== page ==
The facts: Not so. Trump supporters are working from a list of questionable accuracy, according to Ryan Germany, the general counsel for Raffensperger’s office. He told Trump during the call that the claims have been investigated and that in many cases, voters “moved back years ago. It’s not like it happened just before the election. There’s something about that data that it’s just not accurate.”
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Trump: “It doesn’t pass the smell test, because we hear they’re shredding thousands and thousands of ballots and now what they’re saying (is) ‘Oh, we’re just cleaning up the office.’”
The facts: The shredding in question was taking place in suburban Cobb County, not in Fulton County as Trump claimed. Cobb County elections officials said Nov. 24 that none of the items shredded by a contractor were “relevant to the election or the re-tally” and instead were things like old mailing labels, other papers with voter information, old emails and duplicates of absentee ballot applications.
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Trump, claiming that a Fulton County election worker fed ballots through a machine three times instead of only once, saying his campaign would release a video proving it: “It can’t be disputed. We have a version that you haven’t seen, but it’s magnified. It’s magnified and you can see everything. For some reason, they put it in three times each ballot. And I don’t know why, I don’t know why three times and not five times, right?”
The facts: There was no double or triple tallying of ballots. Raffensperger noted that ballots in Georgia have been counted and then recounted twice more for accuracy, including once by hand, and no discrepancy showed up in the Fulton County ballots, as it would have if someone improperly counted votes multiple times. “We did an audit of that,” Raffensperger told Trump. “It was proved conclusively that they were not scanned three times.”
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Trump, attacking a legal settlement that Georgia signed with the state Democratic Party over how signatures on absentee ballot applications and absentee ballots are verified. “You can’t check signatures, you can’t do that... You’re allowed to do harvesting, I guess, in that agreement. That agreement is a disaster for this country.”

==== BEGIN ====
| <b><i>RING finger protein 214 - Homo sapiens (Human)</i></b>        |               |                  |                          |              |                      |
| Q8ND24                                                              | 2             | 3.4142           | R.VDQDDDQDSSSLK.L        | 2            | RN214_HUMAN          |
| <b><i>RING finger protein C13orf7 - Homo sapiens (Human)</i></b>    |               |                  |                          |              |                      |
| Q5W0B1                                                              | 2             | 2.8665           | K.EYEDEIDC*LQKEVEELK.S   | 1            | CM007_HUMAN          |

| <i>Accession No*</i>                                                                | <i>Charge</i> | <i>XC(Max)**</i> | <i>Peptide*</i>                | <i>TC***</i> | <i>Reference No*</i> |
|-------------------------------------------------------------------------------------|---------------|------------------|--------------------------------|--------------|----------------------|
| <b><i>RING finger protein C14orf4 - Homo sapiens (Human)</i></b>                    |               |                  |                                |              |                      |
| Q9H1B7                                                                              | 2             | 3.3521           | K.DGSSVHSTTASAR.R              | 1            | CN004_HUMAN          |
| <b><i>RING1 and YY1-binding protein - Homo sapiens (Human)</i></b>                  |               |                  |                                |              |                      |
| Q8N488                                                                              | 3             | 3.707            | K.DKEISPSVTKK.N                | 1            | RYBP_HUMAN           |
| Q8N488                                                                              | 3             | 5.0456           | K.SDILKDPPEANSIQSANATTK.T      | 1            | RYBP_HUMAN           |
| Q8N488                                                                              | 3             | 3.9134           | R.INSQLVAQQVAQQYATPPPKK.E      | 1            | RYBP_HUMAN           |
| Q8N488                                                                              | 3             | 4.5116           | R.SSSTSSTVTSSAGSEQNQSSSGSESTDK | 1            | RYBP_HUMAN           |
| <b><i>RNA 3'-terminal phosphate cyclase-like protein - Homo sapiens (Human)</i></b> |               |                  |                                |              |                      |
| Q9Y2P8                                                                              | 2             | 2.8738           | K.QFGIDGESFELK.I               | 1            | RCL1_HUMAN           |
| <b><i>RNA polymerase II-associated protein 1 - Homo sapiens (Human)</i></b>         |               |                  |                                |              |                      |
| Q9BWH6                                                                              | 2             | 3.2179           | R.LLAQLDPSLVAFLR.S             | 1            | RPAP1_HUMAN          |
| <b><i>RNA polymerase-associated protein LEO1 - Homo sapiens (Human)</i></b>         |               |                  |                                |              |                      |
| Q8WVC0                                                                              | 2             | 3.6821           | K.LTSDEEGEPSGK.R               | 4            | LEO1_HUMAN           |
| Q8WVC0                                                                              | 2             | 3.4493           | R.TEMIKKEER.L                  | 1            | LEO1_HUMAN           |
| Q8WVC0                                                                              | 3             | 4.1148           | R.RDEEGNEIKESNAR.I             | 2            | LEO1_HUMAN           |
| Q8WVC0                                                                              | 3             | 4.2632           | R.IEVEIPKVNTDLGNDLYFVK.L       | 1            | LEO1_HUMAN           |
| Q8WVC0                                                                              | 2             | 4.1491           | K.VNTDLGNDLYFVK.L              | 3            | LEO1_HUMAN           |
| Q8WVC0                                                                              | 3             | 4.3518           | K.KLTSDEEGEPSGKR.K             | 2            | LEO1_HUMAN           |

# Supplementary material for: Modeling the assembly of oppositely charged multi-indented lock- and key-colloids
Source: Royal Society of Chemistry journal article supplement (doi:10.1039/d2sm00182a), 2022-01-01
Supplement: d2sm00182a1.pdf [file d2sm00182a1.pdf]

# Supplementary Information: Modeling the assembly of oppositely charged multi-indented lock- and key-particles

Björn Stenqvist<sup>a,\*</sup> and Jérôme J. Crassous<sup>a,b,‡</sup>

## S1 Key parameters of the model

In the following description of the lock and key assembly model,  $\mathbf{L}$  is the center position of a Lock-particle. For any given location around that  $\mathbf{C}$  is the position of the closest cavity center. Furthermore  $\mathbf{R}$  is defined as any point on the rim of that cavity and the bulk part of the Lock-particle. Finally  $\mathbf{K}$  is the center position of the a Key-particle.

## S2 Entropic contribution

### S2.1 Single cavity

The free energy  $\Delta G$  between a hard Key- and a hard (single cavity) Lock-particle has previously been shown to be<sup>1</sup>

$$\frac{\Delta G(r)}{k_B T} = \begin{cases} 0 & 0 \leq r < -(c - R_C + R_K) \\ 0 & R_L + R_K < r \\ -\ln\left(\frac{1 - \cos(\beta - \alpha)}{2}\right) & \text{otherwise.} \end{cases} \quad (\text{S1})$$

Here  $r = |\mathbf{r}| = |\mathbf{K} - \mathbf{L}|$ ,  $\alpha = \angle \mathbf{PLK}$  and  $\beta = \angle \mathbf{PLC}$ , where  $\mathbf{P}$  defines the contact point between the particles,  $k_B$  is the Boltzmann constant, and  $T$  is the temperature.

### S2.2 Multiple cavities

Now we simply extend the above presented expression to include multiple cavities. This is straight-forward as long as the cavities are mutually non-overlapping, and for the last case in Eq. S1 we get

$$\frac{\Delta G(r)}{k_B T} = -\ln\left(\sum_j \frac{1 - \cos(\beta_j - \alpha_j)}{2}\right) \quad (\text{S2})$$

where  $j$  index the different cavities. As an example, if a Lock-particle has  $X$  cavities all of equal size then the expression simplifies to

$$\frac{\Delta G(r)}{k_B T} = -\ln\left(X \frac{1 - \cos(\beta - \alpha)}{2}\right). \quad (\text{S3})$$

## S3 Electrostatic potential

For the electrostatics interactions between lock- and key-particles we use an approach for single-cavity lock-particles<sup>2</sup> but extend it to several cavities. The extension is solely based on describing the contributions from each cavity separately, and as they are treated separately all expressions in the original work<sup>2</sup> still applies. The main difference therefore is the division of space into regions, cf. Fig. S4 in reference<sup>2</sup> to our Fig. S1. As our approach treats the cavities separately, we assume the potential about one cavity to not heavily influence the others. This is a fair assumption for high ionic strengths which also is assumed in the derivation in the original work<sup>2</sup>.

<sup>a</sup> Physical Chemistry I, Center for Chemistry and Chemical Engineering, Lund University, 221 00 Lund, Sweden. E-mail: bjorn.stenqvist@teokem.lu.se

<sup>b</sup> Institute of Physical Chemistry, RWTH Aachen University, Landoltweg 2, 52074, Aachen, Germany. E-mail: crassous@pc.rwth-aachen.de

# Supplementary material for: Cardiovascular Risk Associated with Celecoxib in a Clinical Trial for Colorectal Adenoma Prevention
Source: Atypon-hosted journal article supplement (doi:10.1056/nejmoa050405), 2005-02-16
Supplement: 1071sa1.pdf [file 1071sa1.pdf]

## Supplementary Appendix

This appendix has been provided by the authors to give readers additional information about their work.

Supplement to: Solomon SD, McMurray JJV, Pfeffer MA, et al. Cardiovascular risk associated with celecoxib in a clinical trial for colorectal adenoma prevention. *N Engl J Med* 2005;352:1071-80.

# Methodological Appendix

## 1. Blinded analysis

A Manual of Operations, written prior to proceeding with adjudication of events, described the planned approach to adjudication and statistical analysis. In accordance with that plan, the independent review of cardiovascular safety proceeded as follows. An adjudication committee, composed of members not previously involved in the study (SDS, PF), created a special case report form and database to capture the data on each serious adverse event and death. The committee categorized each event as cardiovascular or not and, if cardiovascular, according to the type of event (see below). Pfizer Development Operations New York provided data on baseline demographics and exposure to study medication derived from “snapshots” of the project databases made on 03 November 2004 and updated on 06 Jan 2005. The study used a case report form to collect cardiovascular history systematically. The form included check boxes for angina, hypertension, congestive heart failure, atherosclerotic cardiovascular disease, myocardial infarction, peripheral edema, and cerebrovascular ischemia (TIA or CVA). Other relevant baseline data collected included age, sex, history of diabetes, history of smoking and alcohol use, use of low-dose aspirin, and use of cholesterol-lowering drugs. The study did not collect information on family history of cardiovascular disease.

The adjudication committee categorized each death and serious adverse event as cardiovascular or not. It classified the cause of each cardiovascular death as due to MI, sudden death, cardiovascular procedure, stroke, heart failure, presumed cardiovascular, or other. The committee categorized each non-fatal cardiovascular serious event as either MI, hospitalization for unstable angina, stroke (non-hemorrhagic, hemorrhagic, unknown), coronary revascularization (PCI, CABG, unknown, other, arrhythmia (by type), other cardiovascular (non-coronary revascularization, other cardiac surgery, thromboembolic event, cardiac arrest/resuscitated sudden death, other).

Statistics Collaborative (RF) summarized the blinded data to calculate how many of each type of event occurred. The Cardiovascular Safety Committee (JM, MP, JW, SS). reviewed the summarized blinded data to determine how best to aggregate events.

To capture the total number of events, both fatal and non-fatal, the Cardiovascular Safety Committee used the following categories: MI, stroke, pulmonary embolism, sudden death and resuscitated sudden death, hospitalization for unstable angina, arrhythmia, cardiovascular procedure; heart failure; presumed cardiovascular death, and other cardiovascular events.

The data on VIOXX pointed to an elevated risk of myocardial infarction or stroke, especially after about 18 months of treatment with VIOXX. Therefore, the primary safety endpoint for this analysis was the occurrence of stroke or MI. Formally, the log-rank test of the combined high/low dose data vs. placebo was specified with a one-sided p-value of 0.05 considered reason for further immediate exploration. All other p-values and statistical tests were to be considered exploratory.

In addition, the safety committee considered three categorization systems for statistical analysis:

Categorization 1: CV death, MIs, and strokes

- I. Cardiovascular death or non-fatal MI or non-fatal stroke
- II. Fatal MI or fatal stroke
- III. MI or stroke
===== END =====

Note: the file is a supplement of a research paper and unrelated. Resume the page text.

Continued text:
The facts: There is nothing in the March 6 consent decree that prevents Georgia’s election clerks from scrutinizing signatures. The legal settlement addresses accusations about a lack of statewide standards for judging signatures on absentee ballot envelopes. Raffensperger has said that not only is it entirely possible to match signatures, but that the state requires it.
Ballot harvesting, the practice of collecting numbers of absentee ballots and delivering them back to elections officials, remains illegal in Georgia.
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Trump, referring to investigations into his baseless claims of voter fraud: “You have your never-Trumper U.S. attorney there.”
The facts: The U.S. attorney in Atlanta is a actually a Trump appointee. Byung J. “BJay” Pak is a longtime Republican who also served in the Georgia House of Representatives from 2011 until 2017. He was nominated by Trump to become the U.S. attorney for the Northern District of Georgia in 2017. In announcing his nomination, the White House said that Pak and five other nominees for U.S. attorney’s posts “share the president’s vision for ‘Making America Safe Again.’” Pak had previously also worked as an assistant U.S. attorney.
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Trump, citing 18,000 “suspicious” votes: “The tape that’s been shown all over the world ... they said very clearly there was a major water main break. Everybody fled the area and then they came back ... there were no Republican poll watchers ... and there was no law enforcement ... It was stuffed with votes. They weren’t in an official voter box, they were in what looked to be in suitcases or trunks. ... The minimum number it could be ... was 18,000 ballots, all for Biden.”
The facts: That’s a gross distortion of what actually happened.
State and Fulton County election officials say surveillance video that Trump refers shows no improper behavior, but normal ballot processing using not suitcases, but ballot containers on wheels. Officials said that the entire video showed the same workers had earlier packed the ballot containers with valid, uncounted ballots.
Republicans have contended that their observers were told to leave Fulton County’s vote counting center, but elections officials said they actually left after confusion that arose because election workers thought they were done for the night.
An independent monitor and an investigator in fact oversaw the vote count, according to state and county officials. Trump also refers to a fake confession attributed by a woman allegedly involved in the incident that was posted on social media.
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Trump: “In other states we think we found tremendous corruption with Dominion machines, but we’ll have to see.”
The facts: No “tremendous corruption” has been found.
There’s “no evidence that any voting system deleted or lost votes, changed votes or was in any way compromised,” said the federal agency that oversees election security, in a statement joined by state and electoral-industry officials.
- Hope Yen, Jeff Amy, Michael Balsamo, Eric Tucker and Mark Sherman